Creating financial leverage in a service firm

By | January 31, 2013

Innovation service companies, like Atomic Object, sell their time and talents to help clients grow revenue or expand a market through the creation of software. Without products of their own, innovation service firms have no financial leverage: it’s an hour out, a dollar in. Like a shark that can’t stop swimming or it will drown, service firms need to keep moving through a steady stream of projects to remain in business. Lack of financial leverage means that to be sustainably successful, an innovation services firm needs to maintain an excellent track record, market-relevant skills, and a pipeline of future clients and projects. The inexorable pressure to find projects and execute them well, which I see as valuable, also inevitably inspires owners of such companies to think of ways to generate recurring revenue.

Software service firms naturally look to create software products in their quest for the holy grail of recurring revenue. Unfortunately, the fundamental differences between product and service companies makes doing both under one roof very difficult. I only have anecdotal data, but my observation is that most service firms either fail at creating and maintaining successful products, or convert entirely to product companies and drop their service offering. A well-known and very successful example of the conversion strategy is 37Signals. I know many more cases of service firms that have failed to establish successful mixed service/product companies — this is a hard nut to crack.

Spec dev

Atomic has pursued a “partnering strategy” to increase our financial leverage while respecting and nurturing our services core. We do this by giving up some project revenue in exchange for equity, a royalty, or a revenue share. By taking on some of the market risk alongside our clients, we are exposed to the potential upside of the product we help create. We’ve been making speculative development investments, or “spec dev”, as we call them, since 2003. In that time we’ve made 10 investments, and are on the cusp of an additional two. The image below is an approximate graphical representation of our spec dev investments. Projects colored yellow generated some returns, but weren’t particularly good investments. Gray projects were complete losses. Blue projects were very good investments and Red are too early to judge.


The internal rate of return of Atomic’s portfolio has been approximately 27% to date. Several recent investments are too early to have paid off, and my return calculation doesn’t include any future value for existing investments. This rate compares very favorably to the single digit or even negative returns that venture capital funds have averaged in the last decade.

The Shining Star

Blue Medora is Atomic’s most successful partnership to date. The company makes middleware that allows monitoring and management systems to connect with critical enterprise applications like PeopleSoft, Siebel, Citrix XenServer, EC2 and SAP. Having grown to 12 employees on a solid royalty business with IBM, Blue Medora’s CEO, Nathan Owen, saw the opportunity to leverage their expertise and grow the business substantially in the Oracle market. Rather than slow organic growth funded by earnings, Nathan and I decided to pursue our first outside funding for the company.

Blue Medora closed on an investment round of $1,250,000 at the end of 2012. We’ll use the money to hire staff and build product to exploit the Oracle opportunity. In addition to the satisfaction of a quick, successful, capital raise (3 months from pitch to close), I’m particularly happy that we were able to raise all the funds locally, in West Michigan. Start Garden invested $500,000, its biggest single investment to date. Grand Angels came in with $725,000 from approximately 20 of its members and its co-investment sidecar fund.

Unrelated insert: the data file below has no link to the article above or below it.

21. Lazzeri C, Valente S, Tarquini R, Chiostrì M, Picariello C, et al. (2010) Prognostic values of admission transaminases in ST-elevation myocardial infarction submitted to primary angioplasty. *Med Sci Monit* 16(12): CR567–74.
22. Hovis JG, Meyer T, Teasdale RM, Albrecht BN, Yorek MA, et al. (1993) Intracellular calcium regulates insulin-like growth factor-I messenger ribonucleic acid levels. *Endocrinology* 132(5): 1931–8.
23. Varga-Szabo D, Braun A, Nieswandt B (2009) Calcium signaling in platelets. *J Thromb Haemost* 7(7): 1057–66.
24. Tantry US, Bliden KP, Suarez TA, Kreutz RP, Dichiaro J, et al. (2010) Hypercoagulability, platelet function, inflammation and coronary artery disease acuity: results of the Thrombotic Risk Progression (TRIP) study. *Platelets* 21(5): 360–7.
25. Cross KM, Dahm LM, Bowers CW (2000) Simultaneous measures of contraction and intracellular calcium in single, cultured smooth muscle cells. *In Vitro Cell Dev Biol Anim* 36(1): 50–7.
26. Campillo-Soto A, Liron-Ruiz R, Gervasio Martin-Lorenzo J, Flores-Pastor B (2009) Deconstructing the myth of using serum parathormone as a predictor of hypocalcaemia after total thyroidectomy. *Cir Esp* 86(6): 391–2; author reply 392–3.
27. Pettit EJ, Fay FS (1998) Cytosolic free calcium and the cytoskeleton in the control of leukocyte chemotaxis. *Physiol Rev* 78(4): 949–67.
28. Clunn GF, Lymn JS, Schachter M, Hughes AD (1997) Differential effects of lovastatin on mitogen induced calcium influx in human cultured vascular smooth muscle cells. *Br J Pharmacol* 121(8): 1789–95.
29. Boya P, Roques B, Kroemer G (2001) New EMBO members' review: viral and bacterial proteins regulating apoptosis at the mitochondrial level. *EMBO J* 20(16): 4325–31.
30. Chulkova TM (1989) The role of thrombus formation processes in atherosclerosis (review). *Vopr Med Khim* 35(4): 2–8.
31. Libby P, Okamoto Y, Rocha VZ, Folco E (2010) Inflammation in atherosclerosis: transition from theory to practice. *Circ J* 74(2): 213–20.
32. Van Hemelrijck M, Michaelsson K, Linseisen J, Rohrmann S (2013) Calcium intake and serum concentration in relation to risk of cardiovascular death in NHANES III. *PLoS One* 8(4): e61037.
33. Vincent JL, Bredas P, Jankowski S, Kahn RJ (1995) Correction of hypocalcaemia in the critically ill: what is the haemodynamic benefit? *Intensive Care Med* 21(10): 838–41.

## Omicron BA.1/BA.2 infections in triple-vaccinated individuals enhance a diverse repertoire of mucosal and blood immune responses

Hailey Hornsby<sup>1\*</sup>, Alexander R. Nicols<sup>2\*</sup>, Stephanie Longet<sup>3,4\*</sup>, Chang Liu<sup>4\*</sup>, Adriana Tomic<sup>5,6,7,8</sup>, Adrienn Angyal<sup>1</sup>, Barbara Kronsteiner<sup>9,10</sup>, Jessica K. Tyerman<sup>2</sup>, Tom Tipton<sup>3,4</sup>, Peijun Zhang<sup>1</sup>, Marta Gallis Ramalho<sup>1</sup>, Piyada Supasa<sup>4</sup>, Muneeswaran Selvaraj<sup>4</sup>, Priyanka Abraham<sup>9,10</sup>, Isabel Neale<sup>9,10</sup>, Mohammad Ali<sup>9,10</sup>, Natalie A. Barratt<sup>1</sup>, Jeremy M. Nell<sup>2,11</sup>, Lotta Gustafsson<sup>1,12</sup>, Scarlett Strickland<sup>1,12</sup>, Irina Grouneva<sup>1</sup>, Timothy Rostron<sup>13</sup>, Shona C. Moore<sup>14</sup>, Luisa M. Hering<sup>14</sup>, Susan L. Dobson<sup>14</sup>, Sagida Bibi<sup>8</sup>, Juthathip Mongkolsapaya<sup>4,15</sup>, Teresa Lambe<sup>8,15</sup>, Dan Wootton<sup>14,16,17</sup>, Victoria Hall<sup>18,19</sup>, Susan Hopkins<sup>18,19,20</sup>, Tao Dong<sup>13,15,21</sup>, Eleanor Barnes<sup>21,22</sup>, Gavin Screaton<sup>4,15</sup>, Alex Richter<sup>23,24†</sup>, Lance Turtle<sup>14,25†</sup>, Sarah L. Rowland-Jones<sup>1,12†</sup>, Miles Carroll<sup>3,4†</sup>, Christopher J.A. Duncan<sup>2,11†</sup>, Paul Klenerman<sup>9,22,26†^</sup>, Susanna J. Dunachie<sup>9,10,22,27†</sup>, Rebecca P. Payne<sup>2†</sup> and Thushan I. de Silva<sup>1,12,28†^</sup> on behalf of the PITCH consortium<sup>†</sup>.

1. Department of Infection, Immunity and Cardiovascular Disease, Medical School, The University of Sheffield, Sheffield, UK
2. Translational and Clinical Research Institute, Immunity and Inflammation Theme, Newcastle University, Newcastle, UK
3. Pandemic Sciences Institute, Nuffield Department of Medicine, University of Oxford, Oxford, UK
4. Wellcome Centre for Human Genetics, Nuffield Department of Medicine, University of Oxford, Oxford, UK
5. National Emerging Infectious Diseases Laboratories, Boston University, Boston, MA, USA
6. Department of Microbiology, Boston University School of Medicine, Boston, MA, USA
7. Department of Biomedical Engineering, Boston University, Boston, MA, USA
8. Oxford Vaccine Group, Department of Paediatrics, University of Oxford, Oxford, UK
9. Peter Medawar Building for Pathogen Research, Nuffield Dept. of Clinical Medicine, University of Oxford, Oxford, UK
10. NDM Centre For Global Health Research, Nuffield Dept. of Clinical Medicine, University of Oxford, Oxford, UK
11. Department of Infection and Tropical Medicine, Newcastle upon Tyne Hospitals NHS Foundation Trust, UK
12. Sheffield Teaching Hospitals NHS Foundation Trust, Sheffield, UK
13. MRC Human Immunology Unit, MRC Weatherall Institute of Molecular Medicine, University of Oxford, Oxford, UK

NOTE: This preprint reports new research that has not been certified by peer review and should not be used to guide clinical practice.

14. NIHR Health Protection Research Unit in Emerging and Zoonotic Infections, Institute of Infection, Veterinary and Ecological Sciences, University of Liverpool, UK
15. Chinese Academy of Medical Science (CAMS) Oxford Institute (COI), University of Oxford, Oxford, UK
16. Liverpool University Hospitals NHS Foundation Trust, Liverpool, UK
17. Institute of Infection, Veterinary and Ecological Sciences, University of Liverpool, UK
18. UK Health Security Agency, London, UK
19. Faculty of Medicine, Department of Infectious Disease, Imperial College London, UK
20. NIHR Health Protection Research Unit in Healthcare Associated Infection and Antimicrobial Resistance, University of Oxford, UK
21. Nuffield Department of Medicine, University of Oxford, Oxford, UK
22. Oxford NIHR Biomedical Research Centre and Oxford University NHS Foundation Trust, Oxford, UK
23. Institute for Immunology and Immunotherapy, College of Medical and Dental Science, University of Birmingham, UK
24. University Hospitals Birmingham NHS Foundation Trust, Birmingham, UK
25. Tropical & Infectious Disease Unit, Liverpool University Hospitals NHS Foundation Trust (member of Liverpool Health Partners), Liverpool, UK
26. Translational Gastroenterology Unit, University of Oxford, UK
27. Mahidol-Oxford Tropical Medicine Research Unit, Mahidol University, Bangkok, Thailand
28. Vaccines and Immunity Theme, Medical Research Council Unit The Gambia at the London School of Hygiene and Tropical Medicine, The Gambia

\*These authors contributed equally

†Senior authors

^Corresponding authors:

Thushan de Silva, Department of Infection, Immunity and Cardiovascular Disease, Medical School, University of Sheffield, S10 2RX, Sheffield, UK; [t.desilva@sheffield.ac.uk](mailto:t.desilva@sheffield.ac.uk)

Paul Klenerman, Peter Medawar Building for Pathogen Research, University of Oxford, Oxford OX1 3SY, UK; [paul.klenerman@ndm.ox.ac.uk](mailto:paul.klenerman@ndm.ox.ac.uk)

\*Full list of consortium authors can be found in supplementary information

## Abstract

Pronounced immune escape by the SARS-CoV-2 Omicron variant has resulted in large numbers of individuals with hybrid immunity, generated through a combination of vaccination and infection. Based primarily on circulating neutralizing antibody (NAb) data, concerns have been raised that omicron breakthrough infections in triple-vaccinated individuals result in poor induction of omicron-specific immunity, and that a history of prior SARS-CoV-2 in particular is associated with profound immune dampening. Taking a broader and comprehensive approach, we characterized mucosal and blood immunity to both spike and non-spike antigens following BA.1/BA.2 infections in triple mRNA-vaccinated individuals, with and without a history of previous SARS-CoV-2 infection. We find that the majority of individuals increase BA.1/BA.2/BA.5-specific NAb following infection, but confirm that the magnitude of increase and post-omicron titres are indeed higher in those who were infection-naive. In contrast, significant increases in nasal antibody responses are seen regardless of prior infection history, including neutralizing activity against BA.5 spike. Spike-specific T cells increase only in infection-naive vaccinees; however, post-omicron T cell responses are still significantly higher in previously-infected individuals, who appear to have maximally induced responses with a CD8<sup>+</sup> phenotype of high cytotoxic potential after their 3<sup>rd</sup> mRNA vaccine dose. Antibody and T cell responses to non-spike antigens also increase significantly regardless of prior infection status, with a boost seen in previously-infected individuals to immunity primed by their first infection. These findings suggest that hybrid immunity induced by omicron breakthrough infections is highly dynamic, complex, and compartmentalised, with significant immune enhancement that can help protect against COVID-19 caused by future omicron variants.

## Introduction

How we play

We never commit more than 10% of our capacity to spec dev investments, so we’re not gambling with the company’s existence. We hold the assets in the company’s name and run our returns through our standard profit sharing plan, so everyone in the company benefits when they pay off. We value our spec dev assets very conservatively for the purposes of our internal ownership sales. We report on our investments at every company quarterly meeting.

I recently gave a talk in Detroit for a D-NewTech meeting where I described our spec dev strategy, what we look for in partners, lessons we’ve learned, and how our portfolio of investments has performed. My talk starts around the 5:00 minute mark of the video.

Our spec dev investments have not only boosted our financial results, but they have become an interesting and valued part of what working at Atomic means.

Carl Erickson (83 Posts)

Carl is the CEO and cofounder of Atomic Object, a software product development company with offices in Grand Rapids and Ann Arbor. Learn more about Carl.



David Christiansen on February 1, 2013 at 1:27 pm.

Thanks Carl, I’ve always wondered how you managed spec projects. I’ve forwarded it to a lot of people I know!

Seeing Uladoo’s grey box makes me nostalgic and a bit sad.

Don Beery on July 22, 2013 at 12:44 pm.

Carl, Just read this – great post! I appreciate your insight on balancing the natural tension of services vs. products, and the creative way AO is tackling this. Good stuff! Best of Luck. Thanks for sharing it.

Carl Erickson on July 23, 2013 at 9:47 am.

Glad you enjoyed the post, Don. We’ve learned a lot through trial and error, and I’m happy to be able to share that.

Petri Aukia on November 17, 2013 at 3:01 pm.

Thank you for the insightful blog. We at Codento have been thinking hard about doing speculative development – good to see someone else’s approach.

GreatNotBig on November 22, 2013 at 10:29 am.

Glad you enjoy it, Petri. DeveloperTown in Indianapolis is another great firm with a very interesting approach to co-investment.